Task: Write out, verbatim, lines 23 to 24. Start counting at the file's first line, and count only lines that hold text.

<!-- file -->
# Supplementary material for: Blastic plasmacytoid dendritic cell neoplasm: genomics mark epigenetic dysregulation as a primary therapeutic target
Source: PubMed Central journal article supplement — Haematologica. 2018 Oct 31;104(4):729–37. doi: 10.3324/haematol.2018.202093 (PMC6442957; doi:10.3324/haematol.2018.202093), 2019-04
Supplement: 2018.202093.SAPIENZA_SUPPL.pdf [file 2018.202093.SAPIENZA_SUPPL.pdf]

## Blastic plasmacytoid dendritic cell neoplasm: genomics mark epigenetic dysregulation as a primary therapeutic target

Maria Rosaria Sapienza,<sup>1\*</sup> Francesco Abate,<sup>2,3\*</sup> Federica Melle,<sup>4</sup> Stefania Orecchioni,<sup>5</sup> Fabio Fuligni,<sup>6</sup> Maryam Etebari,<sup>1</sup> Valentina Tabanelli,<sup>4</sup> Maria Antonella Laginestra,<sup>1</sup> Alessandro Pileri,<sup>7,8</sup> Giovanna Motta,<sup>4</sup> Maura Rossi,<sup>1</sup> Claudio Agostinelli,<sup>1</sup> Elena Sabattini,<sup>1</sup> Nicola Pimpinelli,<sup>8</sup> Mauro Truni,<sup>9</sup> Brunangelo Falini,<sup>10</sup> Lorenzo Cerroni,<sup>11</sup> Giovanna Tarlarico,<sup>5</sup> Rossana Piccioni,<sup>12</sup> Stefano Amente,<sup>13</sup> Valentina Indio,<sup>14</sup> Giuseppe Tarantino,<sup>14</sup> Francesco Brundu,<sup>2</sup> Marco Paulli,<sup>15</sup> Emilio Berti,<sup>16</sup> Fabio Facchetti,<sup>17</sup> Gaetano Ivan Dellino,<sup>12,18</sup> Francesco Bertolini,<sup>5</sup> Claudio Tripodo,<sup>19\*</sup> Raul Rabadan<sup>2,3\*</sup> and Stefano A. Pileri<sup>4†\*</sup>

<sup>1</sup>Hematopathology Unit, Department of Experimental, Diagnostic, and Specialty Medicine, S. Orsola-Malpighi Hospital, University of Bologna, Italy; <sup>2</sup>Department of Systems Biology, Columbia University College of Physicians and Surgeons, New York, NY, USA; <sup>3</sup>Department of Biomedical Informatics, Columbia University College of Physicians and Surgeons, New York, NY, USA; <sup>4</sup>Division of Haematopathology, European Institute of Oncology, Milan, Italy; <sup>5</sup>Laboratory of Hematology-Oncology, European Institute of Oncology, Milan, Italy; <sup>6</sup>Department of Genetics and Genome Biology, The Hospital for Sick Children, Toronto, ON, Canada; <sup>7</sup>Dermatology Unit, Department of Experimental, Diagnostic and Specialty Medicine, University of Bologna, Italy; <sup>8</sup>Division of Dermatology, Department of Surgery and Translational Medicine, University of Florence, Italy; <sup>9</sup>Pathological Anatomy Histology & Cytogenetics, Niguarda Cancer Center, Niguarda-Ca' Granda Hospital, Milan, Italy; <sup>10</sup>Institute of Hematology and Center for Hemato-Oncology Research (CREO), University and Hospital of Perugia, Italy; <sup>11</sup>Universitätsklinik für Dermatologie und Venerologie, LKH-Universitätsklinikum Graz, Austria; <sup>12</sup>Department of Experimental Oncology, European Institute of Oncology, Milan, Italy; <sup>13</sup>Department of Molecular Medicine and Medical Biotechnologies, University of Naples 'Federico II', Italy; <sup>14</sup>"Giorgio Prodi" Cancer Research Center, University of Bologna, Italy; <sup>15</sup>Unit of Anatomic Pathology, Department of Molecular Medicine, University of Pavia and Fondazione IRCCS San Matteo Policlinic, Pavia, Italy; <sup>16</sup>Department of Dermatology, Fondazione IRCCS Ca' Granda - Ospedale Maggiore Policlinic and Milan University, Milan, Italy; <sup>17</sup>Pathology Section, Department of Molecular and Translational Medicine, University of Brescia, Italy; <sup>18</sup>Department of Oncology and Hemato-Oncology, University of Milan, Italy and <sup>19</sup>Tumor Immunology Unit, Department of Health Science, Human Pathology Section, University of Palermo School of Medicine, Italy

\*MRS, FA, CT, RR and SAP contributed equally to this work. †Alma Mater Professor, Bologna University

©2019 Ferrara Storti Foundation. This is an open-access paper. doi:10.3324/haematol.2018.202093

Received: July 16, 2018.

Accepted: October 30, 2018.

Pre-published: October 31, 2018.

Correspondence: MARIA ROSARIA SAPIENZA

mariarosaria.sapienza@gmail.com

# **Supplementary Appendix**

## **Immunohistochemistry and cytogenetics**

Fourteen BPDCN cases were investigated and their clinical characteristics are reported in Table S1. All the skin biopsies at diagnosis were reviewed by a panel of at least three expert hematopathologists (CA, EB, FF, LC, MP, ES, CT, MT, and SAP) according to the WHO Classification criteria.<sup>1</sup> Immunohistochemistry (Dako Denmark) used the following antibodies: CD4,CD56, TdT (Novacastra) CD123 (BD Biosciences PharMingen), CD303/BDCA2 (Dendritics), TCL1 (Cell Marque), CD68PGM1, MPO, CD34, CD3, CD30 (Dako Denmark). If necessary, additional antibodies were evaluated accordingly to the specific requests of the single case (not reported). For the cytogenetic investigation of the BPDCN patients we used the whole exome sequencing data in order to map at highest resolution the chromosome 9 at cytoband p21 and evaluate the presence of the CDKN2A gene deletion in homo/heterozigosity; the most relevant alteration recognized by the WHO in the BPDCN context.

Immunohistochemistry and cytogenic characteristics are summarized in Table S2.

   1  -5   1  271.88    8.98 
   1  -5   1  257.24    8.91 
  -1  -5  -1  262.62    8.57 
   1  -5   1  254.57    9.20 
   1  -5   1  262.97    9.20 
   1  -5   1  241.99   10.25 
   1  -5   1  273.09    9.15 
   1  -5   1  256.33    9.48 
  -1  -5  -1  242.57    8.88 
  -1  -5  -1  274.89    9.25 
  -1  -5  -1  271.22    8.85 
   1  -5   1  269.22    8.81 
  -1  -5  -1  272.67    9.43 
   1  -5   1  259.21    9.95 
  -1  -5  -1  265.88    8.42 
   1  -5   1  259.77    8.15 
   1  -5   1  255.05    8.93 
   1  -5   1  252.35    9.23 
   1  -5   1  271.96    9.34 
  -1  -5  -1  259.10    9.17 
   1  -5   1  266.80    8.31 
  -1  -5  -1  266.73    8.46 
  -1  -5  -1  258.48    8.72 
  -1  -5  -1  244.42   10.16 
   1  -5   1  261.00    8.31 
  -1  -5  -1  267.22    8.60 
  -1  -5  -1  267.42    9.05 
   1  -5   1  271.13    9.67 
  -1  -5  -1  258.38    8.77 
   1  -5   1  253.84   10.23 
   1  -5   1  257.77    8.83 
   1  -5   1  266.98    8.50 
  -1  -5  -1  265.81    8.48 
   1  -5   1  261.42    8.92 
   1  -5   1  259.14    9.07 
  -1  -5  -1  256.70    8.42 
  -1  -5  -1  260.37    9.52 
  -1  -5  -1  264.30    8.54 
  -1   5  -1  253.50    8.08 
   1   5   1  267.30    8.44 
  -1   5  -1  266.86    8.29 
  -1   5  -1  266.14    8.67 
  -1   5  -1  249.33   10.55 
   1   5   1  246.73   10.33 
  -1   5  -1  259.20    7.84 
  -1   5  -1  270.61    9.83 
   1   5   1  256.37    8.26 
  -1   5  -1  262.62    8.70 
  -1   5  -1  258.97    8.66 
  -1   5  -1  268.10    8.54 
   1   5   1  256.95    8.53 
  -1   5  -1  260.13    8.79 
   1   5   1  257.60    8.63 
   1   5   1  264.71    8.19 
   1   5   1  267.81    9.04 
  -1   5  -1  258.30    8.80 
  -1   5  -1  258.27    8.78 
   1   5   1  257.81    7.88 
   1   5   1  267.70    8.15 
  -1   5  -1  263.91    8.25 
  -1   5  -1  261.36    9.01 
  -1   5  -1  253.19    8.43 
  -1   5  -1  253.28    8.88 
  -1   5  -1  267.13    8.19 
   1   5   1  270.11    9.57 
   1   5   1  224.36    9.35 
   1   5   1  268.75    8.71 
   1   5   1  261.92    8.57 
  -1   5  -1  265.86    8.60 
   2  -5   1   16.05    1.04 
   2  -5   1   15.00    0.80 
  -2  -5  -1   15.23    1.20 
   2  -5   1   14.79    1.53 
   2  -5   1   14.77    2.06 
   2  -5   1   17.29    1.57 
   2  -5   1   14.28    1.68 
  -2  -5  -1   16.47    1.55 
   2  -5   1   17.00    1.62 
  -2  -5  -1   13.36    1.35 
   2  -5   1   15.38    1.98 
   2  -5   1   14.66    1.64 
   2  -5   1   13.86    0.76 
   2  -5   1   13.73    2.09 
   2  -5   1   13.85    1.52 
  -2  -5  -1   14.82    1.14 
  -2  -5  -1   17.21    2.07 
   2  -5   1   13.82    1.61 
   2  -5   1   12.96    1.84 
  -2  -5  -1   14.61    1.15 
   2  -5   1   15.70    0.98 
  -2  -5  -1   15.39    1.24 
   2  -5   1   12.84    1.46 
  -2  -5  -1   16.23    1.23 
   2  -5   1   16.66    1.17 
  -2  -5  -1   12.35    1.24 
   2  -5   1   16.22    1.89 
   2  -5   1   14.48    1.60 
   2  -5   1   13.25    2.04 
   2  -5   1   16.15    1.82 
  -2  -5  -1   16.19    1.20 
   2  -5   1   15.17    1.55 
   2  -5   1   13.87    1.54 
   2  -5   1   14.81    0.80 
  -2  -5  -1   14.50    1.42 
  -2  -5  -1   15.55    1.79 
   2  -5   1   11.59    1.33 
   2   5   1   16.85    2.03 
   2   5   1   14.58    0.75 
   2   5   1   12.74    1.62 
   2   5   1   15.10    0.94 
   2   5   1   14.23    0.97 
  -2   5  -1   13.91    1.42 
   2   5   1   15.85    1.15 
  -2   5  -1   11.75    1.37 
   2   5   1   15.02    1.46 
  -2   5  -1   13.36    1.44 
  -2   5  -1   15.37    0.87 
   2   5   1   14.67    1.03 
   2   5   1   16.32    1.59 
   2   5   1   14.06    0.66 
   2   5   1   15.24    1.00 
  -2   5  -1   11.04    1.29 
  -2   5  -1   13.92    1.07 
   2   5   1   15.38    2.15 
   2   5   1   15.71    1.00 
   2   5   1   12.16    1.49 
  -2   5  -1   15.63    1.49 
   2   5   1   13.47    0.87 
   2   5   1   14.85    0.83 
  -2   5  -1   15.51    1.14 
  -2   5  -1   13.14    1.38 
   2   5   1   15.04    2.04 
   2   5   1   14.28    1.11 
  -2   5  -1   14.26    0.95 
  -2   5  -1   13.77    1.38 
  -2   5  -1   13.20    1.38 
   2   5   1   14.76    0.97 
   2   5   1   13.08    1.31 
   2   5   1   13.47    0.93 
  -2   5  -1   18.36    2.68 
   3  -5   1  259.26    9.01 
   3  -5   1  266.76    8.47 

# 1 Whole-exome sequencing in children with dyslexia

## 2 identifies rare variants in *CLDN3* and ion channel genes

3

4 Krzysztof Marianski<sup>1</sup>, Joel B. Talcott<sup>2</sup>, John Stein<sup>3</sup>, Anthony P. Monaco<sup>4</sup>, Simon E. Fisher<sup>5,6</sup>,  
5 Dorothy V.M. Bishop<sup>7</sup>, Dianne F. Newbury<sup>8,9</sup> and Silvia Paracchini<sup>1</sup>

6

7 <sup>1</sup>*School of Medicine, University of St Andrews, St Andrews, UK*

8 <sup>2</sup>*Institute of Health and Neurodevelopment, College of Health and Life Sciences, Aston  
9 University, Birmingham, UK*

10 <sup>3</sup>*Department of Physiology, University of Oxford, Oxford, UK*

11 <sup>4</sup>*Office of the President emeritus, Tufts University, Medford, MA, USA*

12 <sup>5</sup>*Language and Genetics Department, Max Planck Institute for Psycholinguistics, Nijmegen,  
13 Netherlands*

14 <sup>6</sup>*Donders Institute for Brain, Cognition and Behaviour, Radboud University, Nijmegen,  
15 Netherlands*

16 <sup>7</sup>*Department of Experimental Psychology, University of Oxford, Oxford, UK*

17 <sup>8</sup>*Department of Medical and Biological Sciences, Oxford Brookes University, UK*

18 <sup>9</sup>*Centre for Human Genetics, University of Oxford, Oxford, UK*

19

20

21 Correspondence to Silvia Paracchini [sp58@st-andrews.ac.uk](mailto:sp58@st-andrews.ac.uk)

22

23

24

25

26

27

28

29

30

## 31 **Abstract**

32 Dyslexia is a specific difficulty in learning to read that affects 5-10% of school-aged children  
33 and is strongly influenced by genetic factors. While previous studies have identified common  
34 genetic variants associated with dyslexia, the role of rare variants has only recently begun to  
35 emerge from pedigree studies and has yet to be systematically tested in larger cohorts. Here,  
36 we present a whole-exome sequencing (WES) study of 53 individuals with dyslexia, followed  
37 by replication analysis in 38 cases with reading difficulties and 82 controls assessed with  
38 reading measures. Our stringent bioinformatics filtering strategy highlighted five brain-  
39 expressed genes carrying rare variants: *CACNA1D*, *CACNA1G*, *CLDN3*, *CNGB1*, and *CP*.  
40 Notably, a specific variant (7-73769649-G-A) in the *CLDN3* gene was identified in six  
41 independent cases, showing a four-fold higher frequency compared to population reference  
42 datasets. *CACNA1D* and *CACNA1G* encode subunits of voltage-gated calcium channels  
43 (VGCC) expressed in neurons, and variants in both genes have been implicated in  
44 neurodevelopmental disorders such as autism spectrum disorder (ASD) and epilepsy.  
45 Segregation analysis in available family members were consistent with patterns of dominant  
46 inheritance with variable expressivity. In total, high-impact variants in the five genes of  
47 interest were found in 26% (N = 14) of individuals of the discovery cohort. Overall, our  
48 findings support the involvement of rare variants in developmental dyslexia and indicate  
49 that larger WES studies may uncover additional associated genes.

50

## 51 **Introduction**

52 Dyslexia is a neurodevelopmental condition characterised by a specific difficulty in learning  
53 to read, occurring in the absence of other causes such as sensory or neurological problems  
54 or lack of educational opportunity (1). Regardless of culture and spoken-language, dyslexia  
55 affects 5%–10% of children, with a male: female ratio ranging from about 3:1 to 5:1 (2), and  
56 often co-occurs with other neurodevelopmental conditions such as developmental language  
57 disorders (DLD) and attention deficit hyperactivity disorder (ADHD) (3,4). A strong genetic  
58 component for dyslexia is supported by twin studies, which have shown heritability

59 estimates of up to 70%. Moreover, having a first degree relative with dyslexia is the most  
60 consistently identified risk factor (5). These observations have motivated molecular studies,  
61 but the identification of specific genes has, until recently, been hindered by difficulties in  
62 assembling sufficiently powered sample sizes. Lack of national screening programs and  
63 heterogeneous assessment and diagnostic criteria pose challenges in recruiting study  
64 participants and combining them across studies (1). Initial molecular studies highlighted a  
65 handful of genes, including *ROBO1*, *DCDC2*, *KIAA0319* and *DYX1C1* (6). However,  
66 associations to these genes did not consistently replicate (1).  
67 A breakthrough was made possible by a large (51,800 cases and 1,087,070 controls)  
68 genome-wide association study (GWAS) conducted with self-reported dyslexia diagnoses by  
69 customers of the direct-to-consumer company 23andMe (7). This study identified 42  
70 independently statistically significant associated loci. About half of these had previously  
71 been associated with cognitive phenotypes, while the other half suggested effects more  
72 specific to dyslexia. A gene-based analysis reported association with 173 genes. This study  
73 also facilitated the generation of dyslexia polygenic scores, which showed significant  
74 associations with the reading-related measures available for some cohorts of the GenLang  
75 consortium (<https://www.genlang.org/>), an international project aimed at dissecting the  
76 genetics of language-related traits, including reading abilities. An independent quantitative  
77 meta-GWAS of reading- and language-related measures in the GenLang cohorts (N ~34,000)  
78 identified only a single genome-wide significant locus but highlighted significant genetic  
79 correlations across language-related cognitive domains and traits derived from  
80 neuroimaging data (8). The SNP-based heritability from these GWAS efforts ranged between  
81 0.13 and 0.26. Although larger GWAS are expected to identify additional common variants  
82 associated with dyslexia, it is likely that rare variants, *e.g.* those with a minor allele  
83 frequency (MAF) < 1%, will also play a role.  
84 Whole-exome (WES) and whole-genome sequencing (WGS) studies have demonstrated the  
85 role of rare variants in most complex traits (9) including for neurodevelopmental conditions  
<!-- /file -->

   1  -5   1  241.99   10.25 
   1  -5   1  273.09    9.15 